Tuesday, April 29, 2014


OMEGA - A Stop Motion Animated Short from omegastopmotion on Vimeo.

Presented without further comment. The animation, both stop and motion and CGI, is amazing.

Saturday, April 26, 2014

The Tribe

The Tribe by Valerie Bloom tells the story of the Taino, one of the indigenous people of the Bahames and Antilles who were among the first people Columbus and his men encountered on their voyage. The focus is on the young girl Maruka, the daughter of the Cacique, the chieftain, of her tribe and the book takes a lot of time to explore her culture and way of life. By the time the Spaniards arrive, the reader feels at home among the Taino and the shock of how they are treated is even greater. They are a peaceful people and at first think the Spaniards spirits and do much to keep them happy. But they cannot do enough and in particular they cannot give them enough gold.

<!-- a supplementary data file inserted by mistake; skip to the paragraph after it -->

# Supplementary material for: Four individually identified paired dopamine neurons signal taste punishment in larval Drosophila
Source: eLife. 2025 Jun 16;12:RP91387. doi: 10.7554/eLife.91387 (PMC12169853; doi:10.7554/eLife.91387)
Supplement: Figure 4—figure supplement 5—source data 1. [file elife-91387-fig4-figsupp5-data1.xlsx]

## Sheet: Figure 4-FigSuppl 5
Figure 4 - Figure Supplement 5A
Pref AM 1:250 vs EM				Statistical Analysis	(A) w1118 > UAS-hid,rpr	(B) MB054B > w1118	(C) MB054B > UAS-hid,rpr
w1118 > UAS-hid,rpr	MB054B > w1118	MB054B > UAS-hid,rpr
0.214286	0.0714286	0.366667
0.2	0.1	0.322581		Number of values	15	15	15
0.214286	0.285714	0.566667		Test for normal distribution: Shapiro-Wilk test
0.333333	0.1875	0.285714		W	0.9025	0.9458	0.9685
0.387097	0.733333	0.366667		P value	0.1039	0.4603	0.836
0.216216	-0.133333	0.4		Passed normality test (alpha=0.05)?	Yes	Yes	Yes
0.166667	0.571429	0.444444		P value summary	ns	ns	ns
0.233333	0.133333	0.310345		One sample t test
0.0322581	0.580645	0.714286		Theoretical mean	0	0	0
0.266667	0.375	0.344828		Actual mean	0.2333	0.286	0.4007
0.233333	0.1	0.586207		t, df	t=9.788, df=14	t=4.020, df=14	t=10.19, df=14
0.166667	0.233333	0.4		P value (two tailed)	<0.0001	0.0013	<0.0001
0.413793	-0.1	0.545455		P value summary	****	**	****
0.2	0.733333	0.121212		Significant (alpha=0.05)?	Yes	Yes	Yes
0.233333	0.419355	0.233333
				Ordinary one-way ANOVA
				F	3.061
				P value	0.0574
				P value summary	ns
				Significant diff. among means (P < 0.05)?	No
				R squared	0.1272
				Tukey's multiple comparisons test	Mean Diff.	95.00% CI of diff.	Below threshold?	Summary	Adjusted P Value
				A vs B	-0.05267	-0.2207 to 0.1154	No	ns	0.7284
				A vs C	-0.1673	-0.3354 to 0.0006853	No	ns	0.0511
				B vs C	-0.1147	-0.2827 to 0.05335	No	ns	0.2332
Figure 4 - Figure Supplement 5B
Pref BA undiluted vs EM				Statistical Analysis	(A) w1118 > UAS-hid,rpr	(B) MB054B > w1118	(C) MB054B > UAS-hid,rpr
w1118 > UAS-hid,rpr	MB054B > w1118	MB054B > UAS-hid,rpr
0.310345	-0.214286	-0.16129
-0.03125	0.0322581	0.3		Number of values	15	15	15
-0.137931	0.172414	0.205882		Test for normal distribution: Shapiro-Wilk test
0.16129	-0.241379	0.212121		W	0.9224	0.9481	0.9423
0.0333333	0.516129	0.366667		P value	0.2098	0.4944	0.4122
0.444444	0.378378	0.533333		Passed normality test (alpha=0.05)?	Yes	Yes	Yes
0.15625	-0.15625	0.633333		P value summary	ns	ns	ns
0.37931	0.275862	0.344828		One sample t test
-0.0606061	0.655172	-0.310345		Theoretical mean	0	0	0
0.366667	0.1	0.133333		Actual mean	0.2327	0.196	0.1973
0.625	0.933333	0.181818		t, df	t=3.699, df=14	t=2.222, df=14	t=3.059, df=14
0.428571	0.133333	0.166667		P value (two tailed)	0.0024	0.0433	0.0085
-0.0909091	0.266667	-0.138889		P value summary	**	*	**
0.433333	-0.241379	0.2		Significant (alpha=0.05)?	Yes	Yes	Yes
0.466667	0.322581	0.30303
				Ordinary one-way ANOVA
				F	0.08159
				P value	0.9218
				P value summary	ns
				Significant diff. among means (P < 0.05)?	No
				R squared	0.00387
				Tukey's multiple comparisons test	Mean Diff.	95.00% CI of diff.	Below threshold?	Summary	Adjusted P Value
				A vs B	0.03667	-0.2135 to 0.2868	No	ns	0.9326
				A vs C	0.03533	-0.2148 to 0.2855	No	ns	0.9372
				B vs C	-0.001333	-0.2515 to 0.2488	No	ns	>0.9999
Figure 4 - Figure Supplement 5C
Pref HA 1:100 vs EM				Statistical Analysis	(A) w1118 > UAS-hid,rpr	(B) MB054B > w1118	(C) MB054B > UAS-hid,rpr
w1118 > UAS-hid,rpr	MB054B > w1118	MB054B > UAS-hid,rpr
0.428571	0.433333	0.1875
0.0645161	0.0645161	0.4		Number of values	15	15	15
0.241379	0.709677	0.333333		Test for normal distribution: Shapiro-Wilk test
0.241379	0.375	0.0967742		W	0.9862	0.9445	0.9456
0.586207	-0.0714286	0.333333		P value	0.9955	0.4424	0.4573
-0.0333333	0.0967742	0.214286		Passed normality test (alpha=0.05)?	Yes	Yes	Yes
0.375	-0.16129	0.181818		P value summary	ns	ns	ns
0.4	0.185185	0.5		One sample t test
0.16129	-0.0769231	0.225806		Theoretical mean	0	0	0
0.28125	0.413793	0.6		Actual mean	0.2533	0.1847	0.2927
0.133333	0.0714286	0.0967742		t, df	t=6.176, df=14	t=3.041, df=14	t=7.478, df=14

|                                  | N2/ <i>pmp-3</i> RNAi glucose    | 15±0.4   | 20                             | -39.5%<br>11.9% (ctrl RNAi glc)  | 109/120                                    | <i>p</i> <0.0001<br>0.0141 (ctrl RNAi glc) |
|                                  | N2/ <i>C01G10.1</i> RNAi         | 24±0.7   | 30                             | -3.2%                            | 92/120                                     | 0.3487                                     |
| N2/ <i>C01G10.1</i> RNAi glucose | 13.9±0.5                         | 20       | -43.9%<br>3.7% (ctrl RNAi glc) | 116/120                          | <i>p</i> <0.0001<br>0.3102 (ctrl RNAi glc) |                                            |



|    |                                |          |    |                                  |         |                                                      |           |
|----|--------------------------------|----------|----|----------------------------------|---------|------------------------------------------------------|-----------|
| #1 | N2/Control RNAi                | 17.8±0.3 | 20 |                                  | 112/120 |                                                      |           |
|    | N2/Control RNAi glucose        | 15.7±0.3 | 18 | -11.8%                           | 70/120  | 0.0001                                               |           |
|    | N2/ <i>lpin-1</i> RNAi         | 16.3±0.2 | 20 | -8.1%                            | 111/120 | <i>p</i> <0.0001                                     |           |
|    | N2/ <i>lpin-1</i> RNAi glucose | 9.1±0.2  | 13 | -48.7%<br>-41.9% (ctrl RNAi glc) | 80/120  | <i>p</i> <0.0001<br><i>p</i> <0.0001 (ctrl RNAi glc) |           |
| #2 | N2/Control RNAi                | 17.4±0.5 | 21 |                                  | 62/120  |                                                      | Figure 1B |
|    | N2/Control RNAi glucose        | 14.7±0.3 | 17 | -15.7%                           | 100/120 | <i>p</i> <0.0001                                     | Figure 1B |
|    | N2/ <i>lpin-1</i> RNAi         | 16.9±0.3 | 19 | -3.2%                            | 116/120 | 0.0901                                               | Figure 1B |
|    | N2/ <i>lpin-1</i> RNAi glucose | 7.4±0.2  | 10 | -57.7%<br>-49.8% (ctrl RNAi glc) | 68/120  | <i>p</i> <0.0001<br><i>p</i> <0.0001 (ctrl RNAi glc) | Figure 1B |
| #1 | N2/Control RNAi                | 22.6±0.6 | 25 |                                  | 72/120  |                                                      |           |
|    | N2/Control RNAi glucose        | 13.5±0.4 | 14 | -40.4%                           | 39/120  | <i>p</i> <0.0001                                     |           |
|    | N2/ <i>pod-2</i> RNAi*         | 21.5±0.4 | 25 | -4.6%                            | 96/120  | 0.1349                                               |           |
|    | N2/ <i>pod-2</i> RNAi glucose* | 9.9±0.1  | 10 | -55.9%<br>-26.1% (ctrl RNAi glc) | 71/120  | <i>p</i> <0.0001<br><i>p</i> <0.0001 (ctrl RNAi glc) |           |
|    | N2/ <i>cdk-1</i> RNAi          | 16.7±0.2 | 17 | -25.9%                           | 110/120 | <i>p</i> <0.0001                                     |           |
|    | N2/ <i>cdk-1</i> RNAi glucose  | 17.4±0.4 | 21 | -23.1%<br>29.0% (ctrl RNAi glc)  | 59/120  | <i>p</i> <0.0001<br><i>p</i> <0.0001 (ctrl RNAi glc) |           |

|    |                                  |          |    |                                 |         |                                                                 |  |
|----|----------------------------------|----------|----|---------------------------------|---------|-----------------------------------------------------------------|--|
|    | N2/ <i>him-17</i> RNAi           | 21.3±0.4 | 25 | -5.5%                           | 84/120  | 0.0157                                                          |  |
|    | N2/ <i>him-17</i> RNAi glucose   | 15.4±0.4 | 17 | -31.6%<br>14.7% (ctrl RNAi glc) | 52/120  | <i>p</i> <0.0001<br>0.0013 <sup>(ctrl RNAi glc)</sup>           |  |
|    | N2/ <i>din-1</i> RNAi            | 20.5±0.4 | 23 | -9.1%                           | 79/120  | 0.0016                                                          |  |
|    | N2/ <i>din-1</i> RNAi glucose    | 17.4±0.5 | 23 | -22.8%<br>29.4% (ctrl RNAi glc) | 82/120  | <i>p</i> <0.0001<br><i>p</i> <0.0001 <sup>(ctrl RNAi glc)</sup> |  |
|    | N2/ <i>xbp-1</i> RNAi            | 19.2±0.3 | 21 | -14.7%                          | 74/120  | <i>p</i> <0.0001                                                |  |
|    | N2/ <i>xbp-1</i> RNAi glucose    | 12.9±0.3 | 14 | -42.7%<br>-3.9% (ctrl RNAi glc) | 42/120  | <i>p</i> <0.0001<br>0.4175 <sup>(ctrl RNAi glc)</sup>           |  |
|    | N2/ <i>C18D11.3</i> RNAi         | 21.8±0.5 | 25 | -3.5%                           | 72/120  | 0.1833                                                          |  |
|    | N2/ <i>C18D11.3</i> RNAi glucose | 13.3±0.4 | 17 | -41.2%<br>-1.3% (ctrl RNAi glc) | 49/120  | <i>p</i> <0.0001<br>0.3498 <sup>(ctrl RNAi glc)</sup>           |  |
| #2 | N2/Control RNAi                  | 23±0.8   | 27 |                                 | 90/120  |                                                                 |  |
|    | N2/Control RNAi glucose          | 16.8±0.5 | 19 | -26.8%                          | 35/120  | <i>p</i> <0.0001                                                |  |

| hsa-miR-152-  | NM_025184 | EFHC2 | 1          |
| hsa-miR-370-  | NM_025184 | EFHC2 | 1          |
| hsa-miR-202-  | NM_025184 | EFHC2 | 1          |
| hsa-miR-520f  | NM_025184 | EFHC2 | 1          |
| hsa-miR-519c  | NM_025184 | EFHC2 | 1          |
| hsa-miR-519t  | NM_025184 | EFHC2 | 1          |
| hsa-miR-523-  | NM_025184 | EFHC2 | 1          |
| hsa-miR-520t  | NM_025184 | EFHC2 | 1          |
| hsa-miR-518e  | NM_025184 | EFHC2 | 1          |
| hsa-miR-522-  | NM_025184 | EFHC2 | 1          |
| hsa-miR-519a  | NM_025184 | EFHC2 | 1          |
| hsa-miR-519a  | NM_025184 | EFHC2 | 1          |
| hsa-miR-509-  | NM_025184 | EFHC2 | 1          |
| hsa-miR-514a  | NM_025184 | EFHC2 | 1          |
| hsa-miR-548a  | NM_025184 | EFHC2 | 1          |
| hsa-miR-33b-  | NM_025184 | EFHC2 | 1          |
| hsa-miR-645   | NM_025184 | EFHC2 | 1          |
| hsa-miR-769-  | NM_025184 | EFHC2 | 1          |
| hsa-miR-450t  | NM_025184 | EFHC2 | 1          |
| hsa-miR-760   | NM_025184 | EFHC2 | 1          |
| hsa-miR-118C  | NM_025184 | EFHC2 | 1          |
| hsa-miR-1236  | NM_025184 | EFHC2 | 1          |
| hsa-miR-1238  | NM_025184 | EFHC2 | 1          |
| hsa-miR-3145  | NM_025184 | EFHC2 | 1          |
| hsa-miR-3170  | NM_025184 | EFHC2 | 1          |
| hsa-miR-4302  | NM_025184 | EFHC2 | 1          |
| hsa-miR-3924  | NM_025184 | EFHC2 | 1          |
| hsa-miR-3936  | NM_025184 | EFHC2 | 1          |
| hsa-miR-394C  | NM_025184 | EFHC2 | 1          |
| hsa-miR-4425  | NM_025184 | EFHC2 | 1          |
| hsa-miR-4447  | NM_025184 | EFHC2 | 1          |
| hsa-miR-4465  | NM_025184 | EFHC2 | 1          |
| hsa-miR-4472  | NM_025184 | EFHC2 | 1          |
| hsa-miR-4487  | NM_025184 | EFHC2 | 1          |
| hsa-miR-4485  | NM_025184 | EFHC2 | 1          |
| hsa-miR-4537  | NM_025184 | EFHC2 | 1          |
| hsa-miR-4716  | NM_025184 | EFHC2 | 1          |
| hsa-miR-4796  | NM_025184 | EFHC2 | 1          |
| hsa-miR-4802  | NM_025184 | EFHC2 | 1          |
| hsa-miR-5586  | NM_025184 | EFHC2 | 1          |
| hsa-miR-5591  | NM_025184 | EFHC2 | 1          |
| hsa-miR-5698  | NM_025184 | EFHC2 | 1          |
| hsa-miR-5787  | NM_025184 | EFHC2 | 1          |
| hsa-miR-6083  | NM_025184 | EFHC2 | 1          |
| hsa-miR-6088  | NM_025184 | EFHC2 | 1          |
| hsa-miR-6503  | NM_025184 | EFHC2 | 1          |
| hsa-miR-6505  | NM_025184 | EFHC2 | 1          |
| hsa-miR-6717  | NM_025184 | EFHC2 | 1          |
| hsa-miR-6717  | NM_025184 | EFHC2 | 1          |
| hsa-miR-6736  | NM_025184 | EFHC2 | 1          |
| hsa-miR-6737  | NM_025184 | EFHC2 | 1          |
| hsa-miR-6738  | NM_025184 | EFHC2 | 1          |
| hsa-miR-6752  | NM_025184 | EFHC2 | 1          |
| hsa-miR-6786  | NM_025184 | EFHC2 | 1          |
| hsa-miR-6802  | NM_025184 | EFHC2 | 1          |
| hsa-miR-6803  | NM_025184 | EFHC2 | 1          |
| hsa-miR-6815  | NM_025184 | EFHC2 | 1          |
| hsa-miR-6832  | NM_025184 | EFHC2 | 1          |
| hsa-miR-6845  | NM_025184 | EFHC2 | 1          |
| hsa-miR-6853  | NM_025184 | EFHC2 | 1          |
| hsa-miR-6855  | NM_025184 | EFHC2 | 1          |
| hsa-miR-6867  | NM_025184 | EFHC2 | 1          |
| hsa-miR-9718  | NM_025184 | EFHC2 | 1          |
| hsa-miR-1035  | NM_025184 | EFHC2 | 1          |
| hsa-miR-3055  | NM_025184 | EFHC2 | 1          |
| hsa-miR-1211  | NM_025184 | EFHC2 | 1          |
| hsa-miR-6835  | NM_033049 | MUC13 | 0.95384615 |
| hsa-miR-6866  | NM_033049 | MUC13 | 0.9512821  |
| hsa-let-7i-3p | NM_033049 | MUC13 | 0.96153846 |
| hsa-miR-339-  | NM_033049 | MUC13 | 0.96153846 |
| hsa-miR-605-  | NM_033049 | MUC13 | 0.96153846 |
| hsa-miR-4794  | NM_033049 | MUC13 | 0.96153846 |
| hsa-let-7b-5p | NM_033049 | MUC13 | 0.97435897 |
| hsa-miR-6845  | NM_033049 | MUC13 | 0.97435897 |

This is Valerie Bloom's second children's novel and I think it's very much worth reading. Maruka is easy to identidy with for both girls and boys. I'm not a great friend of the 'I'm not like other girls'-character, but even though Maruka strongly feels that way, she doesn't despise other women and girls who live like tradition demands it. It's just not her way. I can live with that because it doesn't create the impression that women are somehow better when they live like men.

The book uses a lot of words from the Taino language. There's a glossary at the end but I didn't really need it, the meaning of most words is evident from context. I got a vivid picture of Taino culture and traditions and I took the time to read some more about them online because I wanted to know what had become of them - the book leaves that open. The Taino are usually thought to be extinct, but there are quite a number of people who do consider themselves Taino, not necessarily by blood but by tradition and heritage.